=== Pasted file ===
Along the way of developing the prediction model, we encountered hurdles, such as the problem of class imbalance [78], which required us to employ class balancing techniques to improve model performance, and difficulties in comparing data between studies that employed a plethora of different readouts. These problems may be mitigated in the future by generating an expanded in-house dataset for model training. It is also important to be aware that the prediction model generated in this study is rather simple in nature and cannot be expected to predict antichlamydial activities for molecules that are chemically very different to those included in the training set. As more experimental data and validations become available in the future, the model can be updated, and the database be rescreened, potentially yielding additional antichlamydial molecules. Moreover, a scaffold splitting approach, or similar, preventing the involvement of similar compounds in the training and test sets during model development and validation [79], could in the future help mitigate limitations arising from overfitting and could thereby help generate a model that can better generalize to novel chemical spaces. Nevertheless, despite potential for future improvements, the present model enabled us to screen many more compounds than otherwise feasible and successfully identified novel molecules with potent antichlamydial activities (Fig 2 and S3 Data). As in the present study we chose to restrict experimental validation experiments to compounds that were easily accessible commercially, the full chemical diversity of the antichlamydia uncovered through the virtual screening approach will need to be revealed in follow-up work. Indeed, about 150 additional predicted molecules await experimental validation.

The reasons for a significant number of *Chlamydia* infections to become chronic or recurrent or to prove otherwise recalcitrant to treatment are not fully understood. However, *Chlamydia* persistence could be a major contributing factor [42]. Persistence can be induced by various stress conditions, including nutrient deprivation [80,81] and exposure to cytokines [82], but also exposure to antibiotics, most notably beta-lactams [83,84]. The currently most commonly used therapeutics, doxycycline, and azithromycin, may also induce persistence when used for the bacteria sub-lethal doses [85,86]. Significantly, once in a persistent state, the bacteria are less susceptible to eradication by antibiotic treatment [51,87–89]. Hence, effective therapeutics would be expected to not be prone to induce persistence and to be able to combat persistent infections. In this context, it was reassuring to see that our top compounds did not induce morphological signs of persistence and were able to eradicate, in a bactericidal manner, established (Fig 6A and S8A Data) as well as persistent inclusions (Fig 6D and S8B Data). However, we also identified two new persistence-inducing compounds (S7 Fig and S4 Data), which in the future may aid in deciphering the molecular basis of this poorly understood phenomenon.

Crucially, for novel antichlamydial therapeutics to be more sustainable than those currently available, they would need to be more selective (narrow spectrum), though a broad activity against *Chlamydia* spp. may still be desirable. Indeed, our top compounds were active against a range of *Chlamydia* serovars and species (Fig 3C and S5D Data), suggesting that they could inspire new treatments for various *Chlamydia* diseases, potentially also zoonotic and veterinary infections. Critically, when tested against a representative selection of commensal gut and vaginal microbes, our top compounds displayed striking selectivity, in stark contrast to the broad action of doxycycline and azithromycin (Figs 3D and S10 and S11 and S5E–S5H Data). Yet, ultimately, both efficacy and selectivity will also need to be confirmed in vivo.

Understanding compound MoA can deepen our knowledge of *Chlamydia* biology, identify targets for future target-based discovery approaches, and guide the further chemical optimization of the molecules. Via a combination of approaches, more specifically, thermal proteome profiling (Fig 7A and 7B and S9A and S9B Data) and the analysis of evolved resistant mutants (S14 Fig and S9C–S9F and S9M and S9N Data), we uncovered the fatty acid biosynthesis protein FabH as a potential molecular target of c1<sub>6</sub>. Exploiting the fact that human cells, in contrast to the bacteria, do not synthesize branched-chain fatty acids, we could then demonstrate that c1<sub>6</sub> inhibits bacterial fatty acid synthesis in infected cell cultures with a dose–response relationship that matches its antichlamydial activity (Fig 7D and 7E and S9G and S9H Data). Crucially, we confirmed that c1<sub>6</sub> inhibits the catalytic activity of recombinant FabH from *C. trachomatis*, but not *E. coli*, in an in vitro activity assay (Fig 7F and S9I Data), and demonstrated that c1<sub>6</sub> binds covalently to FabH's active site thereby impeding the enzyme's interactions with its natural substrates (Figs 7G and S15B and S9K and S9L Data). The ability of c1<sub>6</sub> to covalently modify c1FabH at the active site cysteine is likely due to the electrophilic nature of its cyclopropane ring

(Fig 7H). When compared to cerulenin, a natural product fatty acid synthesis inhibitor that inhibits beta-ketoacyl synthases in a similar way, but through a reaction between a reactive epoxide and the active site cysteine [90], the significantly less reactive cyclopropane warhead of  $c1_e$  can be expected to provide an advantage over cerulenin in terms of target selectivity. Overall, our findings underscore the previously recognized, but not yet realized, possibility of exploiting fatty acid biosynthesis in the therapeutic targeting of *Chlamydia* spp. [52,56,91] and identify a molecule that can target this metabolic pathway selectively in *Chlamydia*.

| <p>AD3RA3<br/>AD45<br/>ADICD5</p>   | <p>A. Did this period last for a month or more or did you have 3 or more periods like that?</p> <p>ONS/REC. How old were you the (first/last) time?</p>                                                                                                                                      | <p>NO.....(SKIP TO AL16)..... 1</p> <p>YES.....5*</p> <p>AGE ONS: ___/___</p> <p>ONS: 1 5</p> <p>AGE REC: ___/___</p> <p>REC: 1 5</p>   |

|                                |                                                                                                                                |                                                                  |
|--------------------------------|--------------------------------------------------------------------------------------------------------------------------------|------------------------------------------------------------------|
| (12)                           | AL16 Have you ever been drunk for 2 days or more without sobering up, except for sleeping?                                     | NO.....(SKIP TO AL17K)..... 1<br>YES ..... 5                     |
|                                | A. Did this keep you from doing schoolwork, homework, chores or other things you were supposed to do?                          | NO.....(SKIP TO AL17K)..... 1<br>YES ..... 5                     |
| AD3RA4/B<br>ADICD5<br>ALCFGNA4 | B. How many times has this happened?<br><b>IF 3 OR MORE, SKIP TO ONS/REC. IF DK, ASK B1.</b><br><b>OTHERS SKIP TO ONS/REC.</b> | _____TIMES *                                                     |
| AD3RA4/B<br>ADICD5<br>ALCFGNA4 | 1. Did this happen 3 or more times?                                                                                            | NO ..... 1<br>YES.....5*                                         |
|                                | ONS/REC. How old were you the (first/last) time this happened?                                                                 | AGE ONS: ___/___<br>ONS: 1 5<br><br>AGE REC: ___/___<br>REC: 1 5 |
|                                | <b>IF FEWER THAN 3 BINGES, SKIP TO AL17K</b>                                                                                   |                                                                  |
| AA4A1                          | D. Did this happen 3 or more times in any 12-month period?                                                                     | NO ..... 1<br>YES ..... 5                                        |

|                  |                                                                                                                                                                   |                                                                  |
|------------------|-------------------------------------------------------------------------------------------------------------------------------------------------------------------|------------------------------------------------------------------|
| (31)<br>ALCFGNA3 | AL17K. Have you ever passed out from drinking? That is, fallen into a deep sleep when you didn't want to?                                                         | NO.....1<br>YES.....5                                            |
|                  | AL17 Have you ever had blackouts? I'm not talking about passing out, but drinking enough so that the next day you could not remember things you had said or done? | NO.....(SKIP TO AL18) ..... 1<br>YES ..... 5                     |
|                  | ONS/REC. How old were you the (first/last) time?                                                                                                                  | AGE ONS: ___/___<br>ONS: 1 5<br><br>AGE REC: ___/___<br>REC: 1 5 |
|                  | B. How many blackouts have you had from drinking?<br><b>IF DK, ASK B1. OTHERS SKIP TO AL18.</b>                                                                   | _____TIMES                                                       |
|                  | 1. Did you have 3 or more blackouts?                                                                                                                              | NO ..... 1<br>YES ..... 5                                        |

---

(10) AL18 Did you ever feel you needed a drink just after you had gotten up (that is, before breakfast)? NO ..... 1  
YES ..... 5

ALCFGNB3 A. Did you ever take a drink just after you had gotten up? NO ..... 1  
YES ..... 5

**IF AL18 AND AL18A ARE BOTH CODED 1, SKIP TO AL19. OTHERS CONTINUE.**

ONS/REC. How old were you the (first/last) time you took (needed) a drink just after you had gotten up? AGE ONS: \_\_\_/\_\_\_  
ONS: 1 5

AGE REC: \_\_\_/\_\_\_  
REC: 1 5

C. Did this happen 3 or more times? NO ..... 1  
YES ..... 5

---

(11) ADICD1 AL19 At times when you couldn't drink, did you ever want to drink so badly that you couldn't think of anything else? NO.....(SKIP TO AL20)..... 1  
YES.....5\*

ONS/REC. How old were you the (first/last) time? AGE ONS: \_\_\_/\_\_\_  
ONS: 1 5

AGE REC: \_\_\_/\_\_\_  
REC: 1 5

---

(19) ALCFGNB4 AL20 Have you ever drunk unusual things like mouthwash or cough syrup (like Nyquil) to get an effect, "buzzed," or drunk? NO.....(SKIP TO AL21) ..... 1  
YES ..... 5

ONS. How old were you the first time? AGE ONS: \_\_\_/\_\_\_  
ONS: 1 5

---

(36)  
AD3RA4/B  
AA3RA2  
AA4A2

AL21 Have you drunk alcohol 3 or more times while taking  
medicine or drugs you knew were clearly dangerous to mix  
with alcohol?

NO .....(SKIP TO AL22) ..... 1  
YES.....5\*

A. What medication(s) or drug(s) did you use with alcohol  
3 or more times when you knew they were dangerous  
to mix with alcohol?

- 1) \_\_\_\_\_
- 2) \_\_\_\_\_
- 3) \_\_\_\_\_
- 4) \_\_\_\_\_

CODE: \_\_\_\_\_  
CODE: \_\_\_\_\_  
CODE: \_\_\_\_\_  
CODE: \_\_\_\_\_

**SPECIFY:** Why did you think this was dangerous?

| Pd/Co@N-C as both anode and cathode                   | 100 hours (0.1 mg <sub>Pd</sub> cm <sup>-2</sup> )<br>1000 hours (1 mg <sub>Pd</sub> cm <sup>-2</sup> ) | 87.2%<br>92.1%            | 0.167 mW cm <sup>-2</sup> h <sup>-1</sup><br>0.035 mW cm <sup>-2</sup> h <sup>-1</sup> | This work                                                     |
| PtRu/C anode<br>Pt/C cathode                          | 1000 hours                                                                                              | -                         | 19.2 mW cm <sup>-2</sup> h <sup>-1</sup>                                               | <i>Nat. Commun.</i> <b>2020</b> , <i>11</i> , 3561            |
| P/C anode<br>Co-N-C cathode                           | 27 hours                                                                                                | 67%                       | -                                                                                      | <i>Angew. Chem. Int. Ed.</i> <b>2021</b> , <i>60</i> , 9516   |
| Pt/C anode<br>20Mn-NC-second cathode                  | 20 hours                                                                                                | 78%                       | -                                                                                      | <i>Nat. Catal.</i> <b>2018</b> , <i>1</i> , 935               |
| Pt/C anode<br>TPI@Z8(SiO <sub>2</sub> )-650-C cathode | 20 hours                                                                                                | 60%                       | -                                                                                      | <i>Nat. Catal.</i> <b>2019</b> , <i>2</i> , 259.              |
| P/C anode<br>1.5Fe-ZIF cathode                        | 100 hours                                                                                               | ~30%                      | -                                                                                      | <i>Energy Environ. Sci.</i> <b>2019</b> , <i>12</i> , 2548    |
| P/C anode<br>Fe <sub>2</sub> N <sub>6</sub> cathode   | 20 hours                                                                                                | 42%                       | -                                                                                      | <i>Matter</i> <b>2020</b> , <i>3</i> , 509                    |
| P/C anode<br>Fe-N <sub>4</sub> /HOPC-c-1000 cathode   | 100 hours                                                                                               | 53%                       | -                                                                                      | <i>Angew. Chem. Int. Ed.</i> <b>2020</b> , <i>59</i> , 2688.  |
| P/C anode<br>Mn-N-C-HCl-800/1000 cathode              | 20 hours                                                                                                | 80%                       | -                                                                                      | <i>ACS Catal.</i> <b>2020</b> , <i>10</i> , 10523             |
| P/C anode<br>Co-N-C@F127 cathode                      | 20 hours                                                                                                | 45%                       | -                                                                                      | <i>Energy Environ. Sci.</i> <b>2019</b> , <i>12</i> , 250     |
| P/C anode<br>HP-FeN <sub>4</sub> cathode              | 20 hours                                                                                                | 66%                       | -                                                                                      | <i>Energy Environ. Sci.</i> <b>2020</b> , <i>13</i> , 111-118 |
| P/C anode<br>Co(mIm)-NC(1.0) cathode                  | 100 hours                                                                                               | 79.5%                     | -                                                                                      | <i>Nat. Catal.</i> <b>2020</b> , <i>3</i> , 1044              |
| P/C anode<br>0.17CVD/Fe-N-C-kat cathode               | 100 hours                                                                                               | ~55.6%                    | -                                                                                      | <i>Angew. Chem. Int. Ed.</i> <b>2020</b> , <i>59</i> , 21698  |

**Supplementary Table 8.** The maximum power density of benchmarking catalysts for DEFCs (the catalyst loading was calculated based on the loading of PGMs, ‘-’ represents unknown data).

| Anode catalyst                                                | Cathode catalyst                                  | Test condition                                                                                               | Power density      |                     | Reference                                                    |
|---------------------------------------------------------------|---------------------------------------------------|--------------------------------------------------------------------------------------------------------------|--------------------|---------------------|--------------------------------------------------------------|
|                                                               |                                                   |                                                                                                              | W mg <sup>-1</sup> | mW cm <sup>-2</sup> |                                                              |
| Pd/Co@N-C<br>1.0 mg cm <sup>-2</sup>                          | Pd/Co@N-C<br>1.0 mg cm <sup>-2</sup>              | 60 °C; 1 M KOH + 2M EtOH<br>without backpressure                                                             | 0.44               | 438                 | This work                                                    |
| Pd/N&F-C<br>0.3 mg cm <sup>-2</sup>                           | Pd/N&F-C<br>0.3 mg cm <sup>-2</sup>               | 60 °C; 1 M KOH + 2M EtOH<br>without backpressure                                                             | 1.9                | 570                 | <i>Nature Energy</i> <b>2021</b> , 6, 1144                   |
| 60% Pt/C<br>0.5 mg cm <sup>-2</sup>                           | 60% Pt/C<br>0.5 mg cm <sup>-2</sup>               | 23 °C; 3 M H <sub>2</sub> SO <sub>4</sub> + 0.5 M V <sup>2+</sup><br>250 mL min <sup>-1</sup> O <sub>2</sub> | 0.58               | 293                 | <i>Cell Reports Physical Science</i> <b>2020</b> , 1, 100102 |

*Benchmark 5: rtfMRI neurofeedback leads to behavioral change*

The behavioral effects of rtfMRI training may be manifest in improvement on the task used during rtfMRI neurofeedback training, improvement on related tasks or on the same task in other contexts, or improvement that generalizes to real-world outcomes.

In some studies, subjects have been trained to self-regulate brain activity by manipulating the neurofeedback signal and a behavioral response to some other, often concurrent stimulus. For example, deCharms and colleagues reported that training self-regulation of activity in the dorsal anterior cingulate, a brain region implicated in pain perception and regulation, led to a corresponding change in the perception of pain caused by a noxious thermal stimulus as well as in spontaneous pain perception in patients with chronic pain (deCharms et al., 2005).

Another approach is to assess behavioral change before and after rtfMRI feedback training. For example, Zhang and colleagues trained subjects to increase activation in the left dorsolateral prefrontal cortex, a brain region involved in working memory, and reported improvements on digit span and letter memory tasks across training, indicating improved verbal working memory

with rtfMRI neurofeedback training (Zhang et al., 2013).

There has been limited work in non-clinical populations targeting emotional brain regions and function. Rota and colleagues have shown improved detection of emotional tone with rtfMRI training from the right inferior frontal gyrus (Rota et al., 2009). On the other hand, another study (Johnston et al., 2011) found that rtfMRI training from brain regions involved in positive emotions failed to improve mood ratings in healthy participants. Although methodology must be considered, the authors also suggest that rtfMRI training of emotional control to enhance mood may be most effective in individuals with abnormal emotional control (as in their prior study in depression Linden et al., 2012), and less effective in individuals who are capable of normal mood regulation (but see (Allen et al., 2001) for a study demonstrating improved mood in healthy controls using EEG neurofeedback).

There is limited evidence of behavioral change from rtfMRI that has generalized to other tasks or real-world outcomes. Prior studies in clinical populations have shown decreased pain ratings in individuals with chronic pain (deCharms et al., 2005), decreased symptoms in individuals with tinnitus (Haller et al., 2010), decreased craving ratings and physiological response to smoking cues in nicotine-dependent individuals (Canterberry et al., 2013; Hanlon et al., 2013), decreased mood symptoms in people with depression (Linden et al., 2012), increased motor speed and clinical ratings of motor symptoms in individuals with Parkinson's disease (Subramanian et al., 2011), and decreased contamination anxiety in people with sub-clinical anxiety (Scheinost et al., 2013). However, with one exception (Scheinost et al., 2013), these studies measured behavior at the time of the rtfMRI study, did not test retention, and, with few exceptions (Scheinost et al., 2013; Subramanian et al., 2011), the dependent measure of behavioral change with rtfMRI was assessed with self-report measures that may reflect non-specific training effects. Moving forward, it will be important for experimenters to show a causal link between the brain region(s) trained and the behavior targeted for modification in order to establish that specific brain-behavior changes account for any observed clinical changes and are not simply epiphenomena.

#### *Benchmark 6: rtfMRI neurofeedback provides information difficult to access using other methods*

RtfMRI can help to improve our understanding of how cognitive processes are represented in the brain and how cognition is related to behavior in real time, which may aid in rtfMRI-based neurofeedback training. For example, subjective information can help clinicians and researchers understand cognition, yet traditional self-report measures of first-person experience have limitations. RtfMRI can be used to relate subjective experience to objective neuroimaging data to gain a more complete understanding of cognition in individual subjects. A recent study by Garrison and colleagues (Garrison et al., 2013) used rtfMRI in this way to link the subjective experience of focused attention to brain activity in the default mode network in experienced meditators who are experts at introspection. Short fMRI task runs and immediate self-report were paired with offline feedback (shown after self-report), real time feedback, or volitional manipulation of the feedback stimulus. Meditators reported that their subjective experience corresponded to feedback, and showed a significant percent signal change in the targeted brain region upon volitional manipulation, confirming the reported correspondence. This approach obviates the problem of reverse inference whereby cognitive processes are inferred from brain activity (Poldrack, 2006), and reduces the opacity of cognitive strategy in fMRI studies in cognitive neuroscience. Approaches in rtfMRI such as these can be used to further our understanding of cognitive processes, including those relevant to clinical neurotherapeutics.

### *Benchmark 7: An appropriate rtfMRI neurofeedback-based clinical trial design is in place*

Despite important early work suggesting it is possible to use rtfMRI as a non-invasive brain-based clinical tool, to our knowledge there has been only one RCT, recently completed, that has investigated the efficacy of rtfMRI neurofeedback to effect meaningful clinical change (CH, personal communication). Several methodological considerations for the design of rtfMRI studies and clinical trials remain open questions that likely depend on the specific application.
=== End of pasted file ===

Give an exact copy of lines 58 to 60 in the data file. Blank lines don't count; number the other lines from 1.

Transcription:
3 or more times when you knew they were dangerous  
to mix with alcohol?

- 1) \_\_\_\_\_